blanks from there, right? So
don't memorize a list,
memorize the main problem, the
concept. Alteplase, a thrombolytic.
Anything that puts him at risk
to be a bleeder,
that's what is going to be your
contra-indication for receiving it.
So, what is the worst-case scenario for
Mr. Johnson after receiving alteplase?
kay, right. The worst-case scenario
for Mr. Johnson after
alteplase, since it's a thrombolytic,
is excessive hemorrhaging.
I'm really going to be worried about if
it happens in his head, but it's not
going to be that fun if it happens
anywhere else in his body, too.
Okay. So, let's walk through how you do
dosage calculation. Here's the healthcare
provider's order, and this is
how TPA is usually given.
The total dose of alteplase is
0.9 mg/kg of body weight IV.
Now, they want you to give 10% of the
dose as a bolus, and the remainder of the 0.9
mg/kg per body weight dose over 1 hour.
Okay. When it's your first time to give this,
you'll absolutely want someone to walk
you through it. But I don't care if it's
the 900th time that you've given it,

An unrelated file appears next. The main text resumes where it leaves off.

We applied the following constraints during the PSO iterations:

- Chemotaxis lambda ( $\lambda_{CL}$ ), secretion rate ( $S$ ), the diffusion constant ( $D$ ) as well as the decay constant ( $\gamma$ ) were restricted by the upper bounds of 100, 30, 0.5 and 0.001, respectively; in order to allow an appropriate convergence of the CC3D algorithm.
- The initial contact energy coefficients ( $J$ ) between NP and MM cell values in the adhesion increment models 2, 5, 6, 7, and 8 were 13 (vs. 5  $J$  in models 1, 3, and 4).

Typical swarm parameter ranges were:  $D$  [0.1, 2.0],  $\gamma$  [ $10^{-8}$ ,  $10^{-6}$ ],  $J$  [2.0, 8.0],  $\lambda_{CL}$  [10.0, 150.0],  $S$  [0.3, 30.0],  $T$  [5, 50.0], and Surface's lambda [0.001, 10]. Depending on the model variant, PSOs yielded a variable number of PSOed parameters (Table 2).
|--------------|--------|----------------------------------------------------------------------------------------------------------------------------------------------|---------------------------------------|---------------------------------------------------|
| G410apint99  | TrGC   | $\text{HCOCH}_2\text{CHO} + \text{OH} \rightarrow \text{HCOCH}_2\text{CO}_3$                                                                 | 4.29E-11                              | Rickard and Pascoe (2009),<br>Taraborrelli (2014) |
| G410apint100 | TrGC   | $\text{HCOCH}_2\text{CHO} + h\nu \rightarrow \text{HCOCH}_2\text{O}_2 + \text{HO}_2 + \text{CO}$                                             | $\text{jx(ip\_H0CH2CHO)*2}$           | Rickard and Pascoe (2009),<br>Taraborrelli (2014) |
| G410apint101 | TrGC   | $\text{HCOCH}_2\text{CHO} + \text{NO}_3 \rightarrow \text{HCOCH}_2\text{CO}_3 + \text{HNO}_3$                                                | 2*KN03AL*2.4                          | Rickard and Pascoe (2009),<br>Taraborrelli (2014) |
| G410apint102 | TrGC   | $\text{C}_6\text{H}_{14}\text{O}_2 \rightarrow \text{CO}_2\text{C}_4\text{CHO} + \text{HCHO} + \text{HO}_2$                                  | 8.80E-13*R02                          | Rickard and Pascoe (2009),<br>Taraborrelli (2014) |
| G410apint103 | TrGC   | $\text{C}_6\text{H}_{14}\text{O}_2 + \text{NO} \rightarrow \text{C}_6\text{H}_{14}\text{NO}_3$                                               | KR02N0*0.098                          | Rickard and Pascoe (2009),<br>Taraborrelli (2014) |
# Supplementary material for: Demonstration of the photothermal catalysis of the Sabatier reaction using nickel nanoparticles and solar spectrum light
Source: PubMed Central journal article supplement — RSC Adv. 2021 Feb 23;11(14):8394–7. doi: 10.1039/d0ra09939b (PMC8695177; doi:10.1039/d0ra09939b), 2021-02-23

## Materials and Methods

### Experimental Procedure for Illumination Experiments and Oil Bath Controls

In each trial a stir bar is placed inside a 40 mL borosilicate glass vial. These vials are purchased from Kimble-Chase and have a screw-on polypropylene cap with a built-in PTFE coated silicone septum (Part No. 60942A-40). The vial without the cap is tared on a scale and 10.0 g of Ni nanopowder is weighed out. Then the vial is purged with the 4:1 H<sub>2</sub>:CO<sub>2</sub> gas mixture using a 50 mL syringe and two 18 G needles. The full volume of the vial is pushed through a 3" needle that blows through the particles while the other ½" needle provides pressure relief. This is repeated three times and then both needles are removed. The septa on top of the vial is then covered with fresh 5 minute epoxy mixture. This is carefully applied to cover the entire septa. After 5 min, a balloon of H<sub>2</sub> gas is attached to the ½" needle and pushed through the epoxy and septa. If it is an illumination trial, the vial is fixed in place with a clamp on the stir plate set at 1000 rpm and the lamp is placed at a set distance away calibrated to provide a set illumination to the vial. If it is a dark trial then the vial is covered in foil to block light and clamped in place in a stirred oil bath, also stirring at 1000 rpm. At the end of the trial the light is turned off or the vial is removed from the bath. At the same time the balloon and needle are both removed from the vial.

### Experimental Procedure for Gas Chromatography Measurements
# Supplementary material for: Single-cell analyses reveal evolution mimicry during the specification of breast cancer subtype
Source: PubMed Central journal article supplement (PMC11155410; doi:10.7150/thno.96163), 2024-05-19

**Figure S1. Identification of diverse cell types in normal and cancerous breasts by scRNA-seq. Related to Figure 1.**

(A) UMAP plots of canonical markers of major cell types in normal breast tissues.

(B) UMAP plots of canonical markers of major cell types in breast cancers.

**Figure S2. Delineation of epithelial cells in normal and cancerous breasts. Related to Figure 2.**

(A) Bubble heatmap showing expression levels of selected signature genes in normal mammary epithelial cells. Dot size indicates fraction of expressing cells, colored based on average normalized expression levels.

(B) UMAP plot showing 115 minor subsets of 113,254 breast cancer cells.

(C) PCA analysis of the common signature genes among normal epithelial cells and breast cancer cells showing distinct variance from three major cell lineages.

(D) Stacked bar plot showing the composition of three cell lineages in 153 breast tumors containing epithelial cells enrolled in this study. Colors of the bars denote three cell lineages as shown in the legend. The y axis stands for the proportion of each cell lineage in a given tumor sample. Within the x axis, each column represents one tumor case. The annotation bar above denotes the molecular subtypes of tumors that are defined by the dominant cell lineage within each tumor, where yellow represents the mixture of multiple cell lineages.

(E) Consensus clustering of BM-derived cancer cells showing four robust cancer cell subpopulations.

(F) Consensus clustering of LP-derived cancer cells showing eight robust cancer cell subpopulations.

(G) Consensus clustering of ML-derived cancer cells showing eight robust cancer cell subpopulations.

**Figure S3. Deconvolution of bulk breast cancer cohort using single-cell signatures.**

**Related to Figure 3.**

you always, always double check
and triple check a very specific
medication like this with a peer, and I
would do it with a Pharm.D, just to be sure.
Okay. So, let's say, Mr. Johnson
weighs 170 pounds.
We know that because we weighed him.
We didn't take any patient report
for this drug. It's critical. We weighed him
so we know that it's an accurate weight.
Well, the order says 0.9 mg/kg
of body weight. That's the total dose.
So in order to get kilograms, 170
divided by 2.2 is 77.1. Now, before we go on,
pause, and I want you to figure
out what the total dose is.
Okay. The total dose is 0.9 mg/kg.
So we've got 0.9 times 77.11 kg.
That gives us 69.39 mg.
That is our total dose. So be really careful
because we know the next order
says, give 10% of the dose
as a bolus. So, now, pause the video, and figure
out what 10% of the total dose would be.
Right. That's just moving a decimal
point, but 10% equals
0.10 times 69.39,
that gives us 6.939 mg as a bolus.
Now, bolus just means,
boom. You give it. Okay, we don't
have to give that slowly.
So we're going to give that bolus to get
that first bang, then there should be 90%
of the dose left. So, 69.39 minus the 10%
gives us 62.451, and I want to
give that over an hour.
All right. So, probably give that on